Tactical Philanthropy is currently covering the Grantmakers for Effective Organizations conference with the help of a blog team. This is a guest post by Melinda Tuan of Melinda Tuan Consulting.
By Melinda Tuan
Yesterday’s opening plenary speaker, Dev Patnaik of Jump Associates, spoke about the importance of empathy in our grantmaking work. He was a very engaging speaker and told a lot of great stories about companies that are good at empathy (e.g. Nike, Harley Davidson)—meaning they understand that “we are them and they are us” when it comes to thinking about their “customers.” He closed his talk by encouraging foundations to increase their empathy for the nonprofit organizations and communities we serve by 1) getting outside, 2) bringing the outside in, and 3) making it a habit. This is all good and important, even essential to do, but that’s not what I’m concerned about.
I’m concerned about a comment Patnaik made towards the end of his presentation that evaluation gets in the way of empathy (paraphrased). He encouraged us to use stories and pictures to talk about the impact of our work, instead of hard, quantitative measures. To me, it sounded like he was saying that evaluation is the enemy of empathy.
Okay, maybe this is a slight over reaction, and truth be told I am a big fan of evaluating our work (caveat: when done properly!) But I was further concerned by comments people made in the first breakout session I attended yesterday on “Breakthroughs in Social Impact Measurement”. One person apologized for talking about measurement given that we just heard about how we needed to have more empathy. Another person wondered how we can reconcile evaluation with empathy.
Evaluation is not the enemy of empathy.
In conversations with many nonprofit leaders I’ve heard again and again that they want to know whether what they’re doing works. They want to know how they can improve what they’re doing. They want to know how their work compares to that of their colleagues and the field as a whole. These are the same things that funders want to know. “We are them and they are us.”
I think the place where funders do need to have more empathy is to understand how very, very hard it is to do evaluation and that proper evaluations require a lot more resources and support than most funders provide. As Jeff Edmonson of Strive commented on their work to develop their measurement system, “This sounds like a straight road, when it’s really not…it’s very messy and incredibly difficult.” I suspect very few funders provide all the resources required for the evaluation consultants, hardware, software, technology training, technology maintenance and staff time to engage in evaluating the effectiveness of their work.
Do you know how much it really costs your grantees to do evaluations? Do you think evaluation is the enemy of empathy? Don’t you think the best evaluations are, to quote Suzanne Muchin from ROI Ventures from the session on Leveraging Grantmaker Knowledge and Networks , “a balance of head and heart”?
This is such a tough issue. On the one hand I agree that balancing “head and heart” is key. But there actually is real evidence that evaluation IS the enemy of empathy. Simply activating the logical parts of our brain turns off our empathy.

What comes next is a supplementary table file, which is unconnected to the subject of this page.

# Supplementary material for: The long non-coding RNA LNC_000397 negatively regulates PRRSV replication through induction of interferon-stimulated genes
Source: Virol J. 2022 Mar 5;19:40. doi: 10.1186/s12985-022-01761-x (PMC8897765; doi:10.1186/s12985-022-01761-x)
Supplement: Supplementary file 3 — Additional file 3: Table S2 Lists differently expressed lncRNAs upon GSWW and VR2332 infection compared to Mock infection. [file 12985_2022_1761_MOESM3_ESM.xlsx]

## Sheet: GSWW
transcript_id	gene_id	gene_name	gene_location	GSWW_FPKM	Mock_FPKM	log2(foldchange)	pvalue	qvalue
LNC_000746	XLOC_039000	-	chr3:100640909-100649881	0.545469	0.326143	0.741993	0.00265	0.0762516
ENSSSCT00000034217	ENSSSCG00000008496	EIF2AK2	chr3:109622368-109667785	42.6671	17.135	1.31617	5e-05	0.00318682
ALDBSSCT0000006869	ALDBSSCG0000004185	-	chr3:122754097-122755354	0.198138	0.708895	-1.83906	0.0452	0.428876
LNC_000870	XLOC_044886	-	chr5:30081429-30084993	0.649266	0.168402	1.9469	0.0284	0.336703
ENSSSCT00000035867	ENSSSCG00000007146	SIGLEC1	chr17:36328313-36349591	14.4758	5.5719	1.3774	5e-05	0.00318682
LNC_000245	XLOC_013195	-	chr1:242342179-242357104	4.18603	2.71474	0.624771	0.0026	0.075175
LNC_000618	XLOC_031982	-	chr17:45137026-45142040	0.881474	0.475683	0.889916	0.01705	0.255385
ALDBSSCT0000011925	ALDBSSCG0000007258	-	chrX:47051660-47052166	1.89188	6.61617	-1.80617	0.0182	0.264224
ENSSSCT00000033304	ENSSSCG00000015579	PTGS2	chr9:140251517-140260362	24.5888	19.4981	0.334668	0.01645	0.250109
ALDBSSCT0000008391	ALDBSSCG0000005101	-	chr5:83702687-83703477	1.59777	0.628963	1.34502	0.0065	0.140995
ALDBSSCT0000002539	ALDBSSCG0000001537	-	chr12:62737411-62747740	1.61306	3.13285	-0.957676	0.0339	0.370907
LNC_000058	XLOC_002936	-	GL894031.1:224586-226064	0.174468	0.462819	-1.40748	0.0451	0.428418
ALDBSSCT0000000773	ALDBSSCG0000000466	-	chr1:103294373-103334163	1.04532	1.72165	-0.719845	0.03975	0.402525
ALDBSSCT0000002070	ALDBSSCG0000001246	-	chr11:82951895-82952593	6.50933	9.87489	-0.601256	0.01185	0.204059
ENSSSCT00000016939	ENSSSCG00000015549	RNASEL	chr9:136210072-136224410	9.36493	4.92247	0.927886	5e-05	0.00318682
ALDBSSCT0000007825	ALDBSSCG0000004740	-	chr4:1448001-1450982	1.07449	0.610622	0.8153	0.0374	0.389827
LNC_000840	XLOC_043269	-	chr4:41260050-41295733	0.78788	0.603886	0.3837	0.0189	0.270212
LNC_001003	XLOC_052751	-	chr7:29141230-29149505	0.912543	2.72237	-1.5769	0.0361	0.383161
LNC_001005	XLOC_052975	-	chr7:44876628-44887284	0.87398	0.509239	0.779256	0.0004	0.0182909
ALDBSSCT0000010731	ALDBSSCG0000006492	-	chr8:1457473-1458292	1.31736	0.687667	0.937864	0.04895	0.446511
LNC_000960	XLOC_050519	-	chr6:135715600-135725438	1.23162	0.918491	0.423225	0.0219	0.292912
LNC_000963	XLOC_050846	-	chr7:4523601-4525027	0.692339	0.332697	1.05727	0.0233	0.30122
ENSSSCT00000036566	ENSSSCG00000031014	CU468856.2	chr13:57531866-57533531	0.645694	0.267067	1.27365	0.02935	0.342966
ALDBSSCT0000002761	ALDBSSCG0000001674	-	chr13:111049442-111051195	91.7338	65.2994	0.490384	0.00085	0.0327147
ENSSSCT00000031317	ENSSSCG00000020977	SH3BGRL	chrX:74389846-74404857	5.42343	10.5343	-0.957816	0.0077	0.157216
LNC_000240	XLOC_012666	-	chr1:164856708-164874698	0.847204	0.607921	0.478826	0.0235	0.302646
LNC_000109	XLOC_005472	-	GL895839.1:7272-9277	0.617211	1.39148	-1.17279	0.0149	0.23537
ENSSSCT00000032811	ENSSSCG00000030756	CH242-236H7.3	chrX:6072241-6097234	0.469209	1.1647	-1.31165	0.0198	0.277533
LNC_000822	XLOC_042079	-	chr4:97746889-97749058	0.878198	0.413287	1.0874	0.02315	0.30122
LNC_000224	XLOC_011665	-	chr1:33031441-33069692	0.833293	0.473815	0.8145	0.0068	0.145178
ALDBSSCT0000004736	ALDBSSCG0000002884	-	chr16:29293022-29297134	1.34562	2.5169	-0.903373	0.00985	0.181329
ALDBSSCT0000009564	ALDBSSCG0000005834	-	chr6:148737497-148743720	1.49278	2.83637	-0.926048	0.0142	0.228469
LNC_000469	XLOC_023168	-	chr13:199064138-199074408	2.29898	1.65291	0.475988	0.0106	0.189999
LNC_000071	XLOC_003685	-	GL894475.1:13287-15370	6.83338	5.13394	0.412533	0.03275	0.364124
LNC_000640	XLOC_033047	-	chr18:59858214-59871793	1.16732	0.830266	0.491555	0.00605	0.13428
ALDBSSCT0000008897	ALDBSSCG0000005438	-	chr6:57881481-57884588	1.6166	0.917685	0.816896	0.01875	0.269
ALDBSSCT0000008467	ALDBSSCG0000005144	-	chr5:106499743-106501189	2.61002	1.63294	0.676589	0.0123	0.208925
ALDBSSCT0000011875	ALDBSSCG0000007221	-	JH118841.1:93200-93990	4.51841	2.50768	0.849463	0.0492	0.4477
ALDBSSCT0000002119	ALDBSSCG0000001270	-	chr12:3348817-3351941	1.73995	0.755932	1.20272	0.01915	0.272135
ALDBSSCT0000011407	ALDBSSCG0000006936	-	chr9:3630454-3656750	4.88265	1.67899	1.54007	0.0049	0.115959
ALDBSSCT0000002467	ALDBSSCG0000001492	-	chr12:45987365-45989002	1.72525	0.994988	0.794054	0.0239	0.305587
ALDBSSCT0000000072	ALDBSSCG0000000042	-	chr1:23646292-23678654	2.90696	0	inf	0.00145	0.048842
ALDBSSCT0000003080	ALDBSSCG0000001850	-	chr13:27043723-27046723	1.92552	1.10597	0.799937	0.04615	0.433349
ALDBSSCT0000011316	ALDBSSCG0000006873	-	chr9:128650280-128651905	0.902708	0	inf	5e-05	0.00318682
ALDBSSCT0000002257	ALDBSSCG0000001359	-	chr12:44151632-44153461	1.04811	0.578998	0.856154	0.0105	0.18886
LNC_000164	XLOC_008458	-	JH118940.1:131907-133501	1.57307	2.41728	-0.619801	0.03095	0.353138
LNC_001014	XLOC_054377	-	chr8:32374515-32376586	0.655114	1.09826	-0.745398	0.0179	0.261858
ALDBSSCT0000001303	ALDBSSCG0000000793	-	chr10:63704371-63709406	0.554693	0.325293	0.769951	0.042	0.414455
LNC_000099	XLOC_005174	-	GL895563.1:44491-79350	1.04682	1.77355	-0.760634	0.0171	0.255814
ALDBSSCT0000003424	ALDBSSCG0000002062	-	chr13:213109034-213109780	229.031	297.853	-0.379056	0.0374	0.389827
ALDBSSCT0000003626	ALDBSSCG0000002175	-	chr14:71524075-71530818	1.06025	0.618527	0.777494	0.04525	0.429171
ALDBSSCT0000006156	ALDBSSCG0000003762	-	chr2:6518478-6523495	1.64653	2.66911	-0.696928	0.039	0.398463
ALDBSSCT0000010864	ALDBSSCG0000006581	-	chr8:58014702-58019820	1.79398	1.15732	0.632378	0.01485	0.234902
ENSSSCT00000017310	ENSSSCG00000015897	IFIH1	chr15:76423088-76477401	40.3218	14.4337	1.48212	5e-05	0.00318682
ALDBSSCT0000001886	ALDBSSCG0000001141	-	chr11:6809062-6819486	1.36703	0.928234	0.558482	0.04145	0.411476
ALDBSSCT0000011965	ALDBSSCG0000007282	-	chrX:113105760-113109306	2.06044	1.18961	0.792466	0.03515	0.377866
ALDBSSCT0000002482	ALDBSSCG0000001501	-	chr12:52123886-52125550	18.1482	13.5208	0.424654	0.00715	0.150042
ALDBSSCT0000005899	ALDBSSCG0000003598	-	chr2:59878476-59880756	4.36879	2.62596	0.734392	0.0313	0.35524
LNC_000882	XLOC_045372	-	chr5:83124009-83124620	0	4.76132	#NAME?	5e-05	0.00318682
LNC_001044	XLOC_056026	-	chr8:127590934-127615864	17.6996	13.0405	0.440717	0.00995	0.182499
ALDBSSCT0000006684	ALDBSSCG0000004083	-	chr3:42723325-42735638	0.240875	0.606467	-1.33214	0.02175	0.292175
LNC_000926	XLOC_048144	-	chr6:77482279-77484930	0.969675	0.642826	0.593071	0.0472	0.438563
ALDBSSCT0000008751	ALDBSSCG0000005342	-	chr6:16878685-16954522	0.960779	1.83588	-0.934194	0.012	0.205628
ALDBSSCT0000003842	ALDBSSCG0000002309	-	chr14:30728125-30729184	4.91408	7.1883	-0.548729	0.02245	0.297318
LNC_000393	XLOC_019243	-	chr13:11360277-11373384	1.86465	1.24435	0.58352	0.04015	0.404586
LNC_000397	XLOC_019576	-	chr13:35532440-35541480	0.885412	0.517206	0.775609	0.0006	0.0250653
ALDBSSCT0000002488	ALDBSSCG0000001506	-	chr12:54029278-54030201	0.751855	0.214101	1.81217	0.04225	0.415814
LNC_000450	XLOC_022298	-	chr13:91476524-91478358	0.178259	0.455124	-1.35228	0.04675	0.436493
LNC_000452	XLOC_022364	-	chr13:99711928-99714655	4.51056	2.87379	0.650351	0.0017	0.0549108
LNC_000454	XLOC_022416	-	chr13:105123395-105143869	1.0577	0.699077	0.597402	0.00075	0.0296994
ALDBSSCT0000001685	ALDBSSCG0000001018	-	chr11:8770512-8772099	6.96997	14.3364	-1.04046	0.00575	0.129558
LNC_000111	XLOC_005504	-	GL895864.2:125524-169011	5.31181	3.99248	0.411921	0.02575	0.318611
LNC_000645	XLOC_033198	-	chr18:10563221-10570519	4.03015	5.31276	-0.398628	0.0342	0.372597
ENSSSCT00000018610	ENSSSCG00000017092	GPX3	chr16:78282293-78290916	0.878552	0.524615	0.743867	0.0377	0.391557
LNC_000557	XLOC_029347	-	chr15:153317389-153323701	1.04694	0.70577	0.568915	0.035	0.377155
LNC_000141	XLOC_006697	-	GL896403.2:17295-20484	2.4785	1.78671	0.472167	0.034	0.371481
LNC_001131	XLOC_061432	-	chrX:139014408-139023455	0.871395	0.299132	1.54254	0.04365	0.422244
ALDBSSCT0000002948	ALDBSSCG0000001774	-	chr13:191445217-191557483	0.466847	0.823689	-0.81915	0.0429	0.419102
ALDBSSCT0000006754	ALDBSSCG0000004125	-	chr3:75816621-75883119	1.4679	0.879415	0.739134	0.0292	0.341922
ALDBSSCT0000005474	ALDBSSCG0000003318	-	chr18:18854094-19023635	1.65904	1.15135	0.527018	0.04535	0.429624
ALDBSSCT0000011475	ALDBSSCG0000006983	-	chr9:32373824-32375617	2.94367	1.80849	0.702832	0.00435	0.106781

I wrote about this issue here.
This doesn’t in the least mean that we should not do evaluations. But I think it is key that we recognize that their is a creative tension between empathy and evaluation.
Empathy and evaluation sounds a little like apples and oranges to me. Is the question really about using qualitative or quantitative data for evaluation? You really should evaluate a program using both, but many tend to lean too heavily on quantitative evaluation (numbers, grafts, measurement etc). Qualitative data (stories, pictures, outcomes) are sometimes discounted when they shouldn’t be. Empathy is used in qualitative data collection to try and understand others from their own perspective.
Melinda: Thank you so very much for this post. I agree with you entirely, had the same reaction, and am so tired of the false dichotomies. Of course empathy and measures are not in tension. At the Center for Effective Philanthropy (CEP), the measures of grantee perceptions we have developed allow foundations to develop new understandings of the grantee experience — yes, empathy — as a result of rigorously collected quantitative and qualitative data. Our YouthTruth initiative helps funders (as well as school leaders) understand the experiences of high school students — increasing their empathy for students. And, in my view, nothing shows less empathy for intended beneficiaries of your work than a disregard for whether it is truly effective! That is why GEO’s work with the Social Innovation Fund is so exciting — because of its emphasis on really understanding and supporting what works. The most effective funders and nonprofits over the decades are the ones that have rejected the false choice between head and heart that so many posit — because it simply doesn’t make sense.
Thanks for the postings. Agreed.
Folks at the Global Fund for Children have recently revamped their grantmaking evaluation framework (including 21 best practices from peer-foundations) and in February convened about 25 “smallish” global grantmakers to share evaluation experiences. GEO helped facilitate this meeting. Findings should be out soon and given the comments during the convening, I think the findings will be informative for big and small foundations. Issues of art/science, evaluation/empathy, qualitative/quantitative should be addressed. I hope it’s OK to say contact Victoria Dunning at Global Fund for Children if interested in the findings (if not, shoot me Victoria).